‘We are a cul­tural event’

GA Voice - - Outspoken -

Dennis, a na­tive of St. Louis, has called At­lanta home for about 30 years and has been in­volved in or­ga­niz­ing par­ties since the ‘80s. It was dur­ing his days as a co-pro­moter with Green­house, a house fes­ti­val he de­scribes as “one geared more to­wards the straight crowd,” when he felt the urge to fo­cus on de­sign­ing an al­ter­na­tive for black LGBT At­lantans. The fo­cus even­tu­ally grew to in­clude an em­pha­sis on house mu­sic’s roots in black gay cul­ture.

“When you look at the au­di­ence of peo­ple in At­lanta, what you will find is a very ma­ture con­glom­er­ate of all the gay men that re­ally came from the great house clubs in the ’70s, ‘80s and ‘90s around the coun­try, from the Garage to the Cat­a­comb [in Philadel­phia], from Odell’s [in Bal­ti­more] to Chicago’s Ware­house,” he said. “So you get to see a col­lec­tive wave of en­ergy that gay men had back in the day op­posed to where we are now. And that’s prob­a­bly the sig­nif­i­cant dif­fer­ence be­tween In­dige­nous House and some of the other [house] events: We are a cul­tural event.”

Fos­ter­ing a sense of fam­ily

Tim’m West, a faith­ful at­tendee and de­vout lover of house, feels that is what most sep­a­rates In­dige­nous House from other house mu­sic cel­e­bra­tions in At­lanta and across the coun­try.

“I think with In­dige­nous House there’s a lit­tle more in­ten­tion­al­ity about hon­or­ing gay con­tri­bu­tions to house mu­sic,” he said. This year’s In­dige­nous House event will move from the WPA Pic­nic Shel­ter pavilion to the Charles Allen Drive Gate at 10th Street in Pied­mont Park. (Photo by John Ha­gins) “In At­lanta, there are a lot of places that play house [mu­sic] that ac­tu­ally can be quite ho­mo­pho­bic, which is kinda ironic to me.”

He also adds that the trans­gen­der pop­u­la­tion is often dis­missed or ig­nored en­tirely at other events, but not at In­dige­nous, which he de­scribes as bear­ing a “fam­ily re­union-like vibe.”

Dennis doesn’t hold back when men­tion­ing the need to fos­ter a sense of fam­ily at this event, es­pe­cially at a time when At­lanta needs it.

“In At­lanta, we have such a large black LGBT com­mu­nity, [but] it is so, so seg­re­gated be­tween the L, G, B and T. And I felt led to bring them all to­gether again,” he said. “I’m a lot more ma­ture and inclusive of the trans, the bi and the les­bian com­mu­nity. I try to re­ally stress on be­ing inclusive of ev­ery­one, which most events – es­pe­cially the club scene – doesn’t of­fer.”

Lo­ca­tion change, spe­cial guests

This year, a few im­por­tant changes will hit the lay­out of the fest. The most sur­pris­ing of them all will be its move away from the WPA Pic­nic Shel­ter pavilion and a shift to­wards the Charles Allen Drive Gate at 10th Street. Due to a sched­ul­ing con­flict from the Pied­mont Park Con­ser­vancy with a pre­vi­ous ren­ter, fans of In­dige­nous House will have to miss the pop­u­lar shed this year.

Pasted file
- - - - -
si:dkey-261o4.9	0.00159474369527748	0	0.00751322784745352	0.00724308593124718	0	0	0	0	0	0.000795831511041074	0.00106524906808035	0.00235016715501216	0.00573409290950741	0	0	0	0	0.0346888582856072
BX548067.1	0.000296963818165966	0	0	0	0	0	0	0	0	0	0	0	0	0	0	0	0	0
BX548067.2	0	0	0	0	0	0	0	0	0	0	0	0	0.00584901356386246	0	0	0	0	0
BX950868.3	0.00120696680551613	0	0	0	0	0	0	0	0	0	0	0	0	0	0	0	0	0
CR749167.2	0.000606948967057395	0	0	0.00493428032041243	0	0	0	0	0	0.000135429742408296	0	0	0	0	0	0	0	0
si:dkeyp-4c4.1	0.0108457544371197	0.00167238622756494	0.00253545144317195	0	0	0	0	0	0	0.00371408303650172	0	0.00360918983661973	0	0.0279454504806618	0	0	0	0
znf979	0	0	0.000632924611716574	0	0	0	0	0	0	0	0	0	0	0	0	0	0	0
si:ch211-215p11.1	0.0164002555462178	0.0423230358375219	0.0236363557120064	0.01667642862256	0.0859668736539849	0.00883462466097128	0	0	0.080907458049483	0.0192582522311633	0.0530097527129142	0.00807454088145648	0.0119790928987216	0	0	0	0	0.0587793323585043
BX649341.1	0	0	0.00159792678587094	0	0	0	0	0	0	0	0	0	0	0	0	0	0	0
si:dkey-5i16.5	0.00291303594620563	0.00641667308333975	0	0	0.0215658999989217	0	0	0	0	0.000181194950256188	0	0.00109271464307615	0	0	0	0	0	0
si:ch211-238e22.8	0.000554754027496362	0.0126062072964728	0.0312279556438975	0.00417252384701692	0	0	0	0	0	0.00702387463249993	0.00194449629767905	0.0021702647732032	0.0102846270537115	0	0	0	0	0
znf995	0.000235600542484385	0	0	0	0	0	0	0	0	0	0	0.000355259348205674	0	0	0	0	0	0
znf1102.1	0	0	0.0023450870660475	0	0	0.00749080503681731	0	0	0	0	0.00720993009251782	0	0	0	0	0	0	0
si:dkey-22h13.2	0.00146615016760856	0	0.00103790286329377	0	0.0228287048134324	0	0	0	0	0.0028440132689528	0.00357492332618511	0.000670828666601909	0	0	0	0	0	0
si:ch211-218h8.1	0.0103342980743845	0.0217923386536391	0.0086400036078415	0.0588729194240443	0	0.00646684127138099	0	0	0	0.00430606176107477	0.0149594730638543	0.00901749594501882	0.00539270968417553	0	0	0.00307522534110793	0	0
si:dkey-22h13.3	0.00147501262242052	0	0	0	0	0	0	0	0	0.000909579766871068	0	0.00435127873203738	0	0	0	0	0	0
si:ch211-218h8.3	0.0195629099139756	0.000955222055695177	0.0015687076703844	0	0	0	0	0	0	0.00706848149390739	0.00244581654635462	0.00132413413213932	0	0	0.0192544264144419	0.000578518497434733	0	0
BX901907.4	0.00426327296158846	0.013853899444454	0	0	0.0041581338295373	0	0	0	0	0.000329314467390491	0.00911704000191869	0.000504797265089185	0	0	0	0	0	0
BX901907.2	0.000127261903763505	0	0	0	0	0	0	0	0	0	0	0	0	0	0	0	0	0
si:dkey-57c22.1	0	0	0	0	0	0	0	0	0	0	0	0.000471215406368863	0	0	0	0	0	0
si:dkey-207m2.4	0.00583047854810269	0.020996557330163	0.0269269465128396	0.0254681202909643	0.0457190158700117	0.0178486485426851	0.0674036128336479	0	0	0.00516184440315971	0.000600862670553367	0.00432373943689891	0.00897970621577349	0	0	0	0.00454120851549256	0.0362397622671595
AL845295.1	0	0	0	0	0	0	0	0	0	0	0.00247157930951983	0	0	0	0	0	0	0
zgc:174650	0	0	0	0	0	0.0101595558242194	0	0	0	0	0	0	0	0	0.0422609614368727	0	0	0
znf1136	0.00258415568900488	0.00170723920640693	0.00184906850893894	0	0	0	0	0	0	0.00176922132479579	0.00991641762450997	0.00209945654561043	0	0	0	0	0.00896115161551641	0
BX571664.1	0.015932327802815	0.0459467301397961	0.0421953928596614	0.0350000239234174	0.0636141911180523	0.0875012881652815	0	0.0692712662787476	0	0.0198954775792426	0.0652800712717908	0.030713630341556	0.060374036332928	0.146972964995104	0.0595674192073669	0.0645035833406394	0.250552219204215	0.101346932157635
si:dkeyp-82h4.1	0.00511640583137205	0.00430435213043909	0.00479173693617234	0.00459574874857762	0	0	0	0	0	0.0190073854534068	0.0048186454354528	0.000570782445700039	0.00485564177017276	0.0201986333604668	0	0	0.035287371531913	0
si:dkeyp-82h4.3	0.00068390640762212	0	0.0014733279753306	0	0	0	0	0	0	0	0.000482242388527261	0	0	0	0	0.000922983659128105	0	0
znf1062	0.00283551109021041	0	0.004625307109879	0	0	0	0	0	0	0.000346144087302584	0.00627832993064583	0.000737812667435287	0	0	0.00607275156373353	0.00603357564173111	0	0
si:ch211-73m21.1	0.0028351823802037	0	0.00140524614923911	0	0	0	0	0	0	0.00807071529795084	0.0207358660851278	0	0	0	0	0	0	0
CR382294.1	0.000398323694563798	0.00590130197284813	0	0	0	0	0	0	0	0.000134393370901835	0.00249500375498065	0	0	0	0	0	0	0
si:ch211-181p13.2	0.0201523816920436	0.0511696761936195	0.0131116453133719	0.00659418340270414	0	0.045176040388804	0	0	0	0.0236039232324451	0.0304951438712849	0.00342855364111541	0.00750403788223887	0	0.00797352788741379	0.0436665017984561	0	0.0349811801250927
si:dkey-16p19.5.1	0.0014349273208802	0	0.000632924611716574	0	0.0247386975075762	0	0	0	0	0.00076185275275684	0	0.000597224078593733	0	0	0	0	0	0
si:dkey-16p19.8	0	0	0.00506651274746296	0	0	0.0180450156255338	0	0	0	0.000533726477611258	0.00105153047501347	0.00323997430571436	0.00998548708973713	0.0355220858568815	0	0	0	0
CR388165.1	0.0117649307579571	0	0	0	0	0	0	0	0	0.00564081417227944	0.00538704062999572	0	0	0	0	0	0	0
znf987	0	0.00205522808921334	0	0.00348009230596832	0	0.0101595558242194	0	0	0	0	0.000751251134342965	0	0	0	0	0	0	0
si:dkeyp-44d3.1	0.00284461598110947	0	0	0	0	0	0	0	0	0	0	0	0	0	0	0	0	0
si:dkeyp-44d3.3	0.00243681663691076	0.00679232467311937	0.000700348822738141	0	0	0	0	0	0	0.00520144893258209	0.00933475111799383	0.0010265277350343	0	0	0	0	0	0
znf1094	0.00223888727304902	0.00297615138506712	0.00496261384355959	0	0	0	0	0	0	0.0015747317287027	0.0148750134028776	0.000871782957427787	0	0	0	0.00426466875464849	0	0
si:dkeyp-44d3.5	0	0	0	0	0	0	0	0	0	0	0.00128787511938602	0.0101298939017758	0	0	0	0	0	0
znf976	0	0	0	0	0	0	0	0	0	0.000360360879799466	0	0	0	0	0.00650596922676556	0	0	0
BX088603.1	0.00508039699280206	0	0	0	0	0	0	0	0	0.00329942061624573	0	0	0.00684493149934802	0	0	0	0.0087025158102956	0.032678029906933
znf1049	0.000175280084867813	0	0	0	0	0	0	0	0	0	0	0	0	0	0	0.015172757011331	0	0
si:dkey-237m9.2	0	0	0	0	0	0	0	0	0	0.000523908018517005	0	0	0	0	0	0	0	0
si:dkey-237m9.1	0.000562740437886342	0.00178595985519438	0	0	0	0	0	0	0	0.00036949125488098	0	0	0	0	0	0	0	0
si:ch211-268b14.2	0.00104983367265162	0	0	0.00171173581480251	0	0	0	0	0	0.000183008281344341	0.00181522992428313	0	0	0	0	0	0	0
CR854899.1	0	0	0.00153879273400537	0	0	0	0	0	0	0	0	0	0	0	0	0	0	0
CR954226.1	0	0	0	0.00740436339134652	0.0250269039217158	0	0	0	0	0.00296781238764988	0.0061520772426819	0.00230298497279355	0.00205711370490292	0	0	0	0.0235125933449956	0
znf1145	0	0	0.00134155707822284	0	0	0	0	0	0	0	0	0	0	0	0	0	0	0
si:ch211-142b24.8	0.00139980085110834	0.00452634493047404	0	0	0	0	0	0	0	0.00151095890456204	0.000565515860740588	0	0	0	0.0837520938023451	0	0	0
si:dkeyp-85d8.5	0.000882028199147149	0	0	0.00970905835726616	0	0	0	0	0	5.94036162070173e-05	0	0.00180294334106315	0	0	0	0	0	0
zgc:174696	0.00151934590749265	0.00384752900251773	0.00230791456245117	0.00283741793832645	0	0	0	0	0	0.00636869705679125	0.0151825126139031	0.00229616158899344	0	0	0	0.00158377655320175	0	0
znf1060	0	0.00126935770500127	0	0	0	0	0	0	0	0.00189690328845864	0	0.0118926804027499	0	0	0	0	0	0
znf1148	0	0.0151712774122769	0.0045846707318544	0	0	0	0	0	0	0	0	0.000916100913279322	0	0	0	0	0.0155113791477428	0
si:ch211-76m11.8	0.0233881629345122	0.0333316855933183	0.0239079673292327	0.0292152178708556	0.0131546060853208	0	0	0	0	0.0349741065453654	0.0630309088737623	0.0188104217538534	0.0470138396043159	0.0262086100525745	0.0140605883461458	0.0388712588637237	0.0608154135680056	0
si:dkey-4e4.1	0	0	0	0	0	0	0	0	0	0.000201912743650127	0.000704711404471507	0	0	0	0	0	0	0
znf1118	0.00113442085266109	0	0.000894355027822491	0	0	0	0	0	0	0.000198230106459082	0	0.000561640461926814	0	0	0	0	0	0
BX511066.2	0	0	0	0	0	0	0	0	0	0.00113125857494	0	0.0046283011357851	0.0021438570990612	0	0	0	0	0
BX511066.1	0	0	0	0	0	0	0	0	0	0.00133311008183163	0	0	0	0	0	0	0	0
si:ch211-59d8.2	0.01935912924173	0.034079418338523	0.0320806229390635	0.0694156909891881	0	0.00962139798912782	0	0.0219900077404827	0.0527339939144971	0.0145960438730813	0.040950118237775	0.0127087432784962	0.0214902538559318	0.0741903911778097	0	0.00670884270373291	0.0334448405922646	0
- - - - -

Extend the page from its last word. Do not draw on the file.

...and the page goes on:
The change of lo­ca­tion comes with a bit of good news. There will be more space, a big wel­come for the grow­ing crowds.

“Last year it was so large that we had some crowd is­sues and they felt we needed a larger space,” Dennis said. “In ad­di­tion to that, another or­ga­ni­za­tion had got the pavilion be­fore me. I was real both­ered by that be­cause I felt we should have had top pri­or­ity af­ter be­ing grand­fa­thered into the park af­ter three con­sec­u­tive years.”

Other ad­di­tions to the lineup in­clude a fly­ing drone fea­ture and a life­time achieve­ment ded­i­ca­tion to spe­cial guest Candy J.

“She was be­fore Cait­lyn Jen­ner and Lav­erne Cox,” Dennis as­serted. “It was Candy J in the ‘80s who was fight­ing with the record la­bels to try to be an en­ter­tainer and to au­then­ti­cally be who she was.”

At­ten­dees are en­cour­aged to bring their tents to help cre­ate a fes­ti­val feel and to com­pen­sate for the lack of a pavilion.

West, who will once again be in at­ten­dance at this year’s fest, plans to dance his trou­bles away by fully im­mers­ing into the boom­ing rhythms, es­pe­cially in light of to­day’s po­lit­i­cal cli­mate and to­mor­row’s un­cer­tain­ties.

“House mu­sic is ac­tu­ally about as close as I come to any sort of spir­i­tu­al­ity, where I feel all the emo­tions that I’ve felt in the last few weeks, from joy and pain to an­guish and ex­cite­ment,” he said. “It’s been a rough year – 45 [Don­ald Trump] is in of­fice and peo­ple are re­ally ter­ri­fied about health care. I have sev­eral pre-ex­ist­ing con­di­tions, among them HIV/AIDS, which has im­pacted the gay com­mu­nity. It’s why a lot of our DJs and dancers aren’t here any­more.”

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